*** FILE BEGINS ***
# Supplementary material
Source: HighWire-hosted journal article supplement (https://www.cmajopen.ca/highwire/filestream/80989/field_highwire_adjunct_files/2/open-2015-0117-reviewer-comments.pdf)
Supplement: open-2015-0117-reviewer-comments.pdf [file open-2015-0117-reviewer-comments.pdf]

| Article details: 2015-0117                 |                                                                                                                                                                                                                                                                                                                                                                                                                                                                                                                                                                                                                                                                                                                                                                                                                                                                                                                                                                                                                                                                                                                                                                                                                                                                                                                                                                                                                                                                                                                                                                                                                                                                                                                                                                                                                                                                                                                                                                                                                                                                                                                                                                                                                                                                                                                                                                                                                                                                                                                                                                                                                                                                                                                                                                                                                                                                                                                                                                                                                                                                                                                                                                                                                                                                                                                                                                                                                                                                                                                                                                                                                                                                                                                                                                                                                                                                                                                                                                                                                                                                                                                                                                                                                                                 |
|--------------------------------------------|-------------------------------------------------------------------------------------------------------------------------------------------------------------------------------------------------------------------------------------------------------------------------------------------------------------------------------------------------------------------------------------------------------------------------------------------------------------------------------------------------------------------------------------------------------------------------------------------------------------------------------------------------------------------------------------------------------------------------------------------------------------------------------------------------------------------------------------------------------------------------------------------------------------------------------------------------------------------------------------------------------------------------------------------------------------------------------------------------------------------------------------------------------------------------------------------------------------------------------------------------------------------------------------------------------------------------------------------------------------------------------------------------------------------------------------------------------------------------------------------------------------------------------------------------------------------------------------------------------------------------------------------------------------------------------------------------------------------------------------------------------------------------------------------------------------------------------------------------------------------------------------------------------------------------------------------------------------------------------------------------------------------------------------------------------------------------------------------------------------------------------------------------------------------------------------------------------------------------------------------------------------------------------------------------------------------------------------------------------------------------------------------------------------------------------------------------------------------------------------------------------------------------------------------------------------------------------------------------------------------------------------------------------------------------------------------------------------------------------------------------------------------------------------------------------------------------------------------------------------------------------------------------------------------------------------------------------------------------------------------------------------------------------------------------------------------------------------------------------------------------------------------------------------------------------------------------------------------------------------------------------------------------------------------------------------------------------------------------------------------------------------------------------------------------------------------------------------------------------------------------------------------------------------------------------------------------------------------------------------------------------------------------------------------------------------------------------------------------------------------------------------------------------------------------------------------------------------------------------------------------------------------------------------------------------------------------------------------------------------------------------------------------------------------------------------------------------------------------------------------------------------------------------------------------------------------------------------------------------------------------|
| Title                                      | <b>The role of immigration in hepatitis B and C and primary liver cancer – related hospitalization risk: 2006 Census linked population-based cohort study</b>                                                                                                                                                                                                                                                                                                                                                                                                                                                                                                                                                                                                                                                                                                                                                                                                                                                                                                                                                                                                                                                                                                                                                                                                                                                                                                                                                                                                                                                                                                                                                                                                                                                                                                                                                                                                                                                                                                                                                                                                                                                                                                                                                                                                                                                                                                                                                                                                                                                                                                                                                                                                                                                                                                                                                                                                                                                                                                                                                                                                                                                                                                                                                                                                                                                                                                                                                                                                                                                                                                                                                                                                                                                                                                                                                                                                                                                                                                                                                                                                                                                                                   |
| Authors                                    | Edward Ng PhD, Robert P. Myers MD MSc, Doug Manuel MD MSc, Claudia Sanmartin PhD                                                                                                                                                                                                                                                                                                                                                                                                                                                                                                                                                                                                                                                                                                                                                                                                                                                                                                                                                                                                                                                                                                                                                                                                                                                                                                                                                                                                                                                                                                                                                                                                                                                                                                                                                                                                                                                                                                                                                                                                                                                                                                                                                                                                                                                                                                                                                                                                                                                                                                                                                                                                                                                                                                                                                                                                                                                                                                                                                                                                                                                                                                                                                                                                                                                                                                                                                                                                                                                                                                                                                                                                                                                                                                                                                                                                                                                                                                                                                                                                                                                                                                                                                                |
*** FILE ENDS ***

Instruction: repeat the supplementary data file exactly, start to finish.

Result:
# Supplementary material
Source: HighWire-hosted journal article supplement (https://www.cmajopen.ca/highwire/filestream/80989/field_highwire_adjunct_files/2/open-2015-0117-reviewer-comments.pdf)
Supplement: open-2015-0117-reviewer-comments.pdf [file open-2015-0117-reviewer-comments.pdf]

| Article details: 2015-0117                 |                                                                                                                                                                                                                                                                                                                                                                                                                                                                                                                                                                                                                                                                                                                                                                                                                                                                                                                                                                                                                                                                                                                                                                                                                                                                                                                                                                                                                                                                                                                                                                                                                                                                                                                                                                                                                                                                                                                                                                                                                                                                                                                                                                                                                                                                                                                                                                                                                                                                                                                                                                                                                                                                                                                                                                                                                                                                                                                                                                                                                                                                                                                                                                                                                                                                                                                                                                                                                                                                                                                                                                                                                                                                                                                                                                                                                                                                                                                                                                                                                                                                                                                                                                                                                                                 |
|--------------------------------------------|-------------------------------------------------------------------------------------------------------------------------------------------------------------------------------------------------------------------------------------------------------------------------------------------------------------------------------------------------------------------------------------------------------------------------------------------------------------------------------------------------------------------------------------------------------------------------------------------------------------------------------------------------------------------------------------------------------------------------------------------------------------------------------------------------------------------------------------------------------------------------------------------------------------------------------------------------------------------------------------------------------------------------------------------------------------------------------------------------------------------------------------------------------------------------------------------------------------------------------------------------------------------------------------------------------------------------------------------------------------------------------------------------------------------------------------------------------------------------------------------------------------------------------------------------------------------------------------------------------------------------------------------------------------------------------------------------------------------------------------------------------------------------------------------------------------------------------------------------------------------------------------------------------------------------------------------------------------------------------------------------------------------------------------------------------------------------------------------------------------------------------------------------------------------------------------------------------------------------------------------------------------------------------------------------------------------------------------------------------------------------------------------------------------------------------------------------------------------------------------------------------------------------------------------------------------------------------------------------------------------------------------------------------------------------------------------------------------------------------------------------------------------------------------------------------------------------------------------------------------------------------------------------------------------------------------------------------------------------------------------------------------------------------------------------------------------------------------------------------------------------------------------------------------------------------------------------------------------------------------------------------------------------------------------------------------------------------------------------------------------------------------------------------------------------------------------------------------------------------------------------------------------------------------------------------------------------------------------------------------------------------------------------------------------------------------------------------------------------------------------------------------------------------------------------------------------------------------------------------------------------------------------------------------------------------------------------------------------------------------------------------------------------------------------------------------------------------------------------------------------------------------------------------------------------------------------------------------------------------------------------|
| Title                                      | <b>The role of immigration in hepatitis B and C and primary liver cancer – related hospitalization risk: 2006 Census linked population-based cohort study</b>                                                                                                                                                                                                                                                                                                                                                                                                                                                                                                                                                                                                                                                                                                                                                                                                                                                                                                                                                                                                                                                                                                                                                                                                                                                                                                                                                                                                                                                                                                                                                                                                                                                                                                                                                                                                                                                                                                                                                                                                                                                                                                                                                                                                                                                                                                                                                                                                                                                                                                                                                                                                                                                                                                                                                                                                                                                                                                                                                                                                                                                                                                                                                                                                                                                                                                                                                                                                                                                                                                                                                                                                                                                                                                                                                                                                                                                                                                                                                                                                                                                                                   |
| Authors                                    | Edward Ng PhD, Robert P. Myers MD MSc, Doug Manuel MD MSc, Claudia Sanmartin PhD                                                                                                                                                                                                                                                                                                                                                                                                                                                                                                                                                                                                                                                                                                                                                                                                                                                                                                                                                                                                                                                                                                                                                                                                                                                                                                                                                                                                                                                                                                                                                                                                                                                                                                                                                                                                                                                                                                                                                                                                                                                                                                                                                                                                                                                                                                                                                                                                                                                                                                                                                                                                                                                                                                                                                                                                                                                                                                                                                                                                                                                                                                                                                                                                                                                                                                                                                                                                                                                                                                                                                                                                                                                                                                                                                                                                                                                                                                                                                                                                                                                                                                                                                                |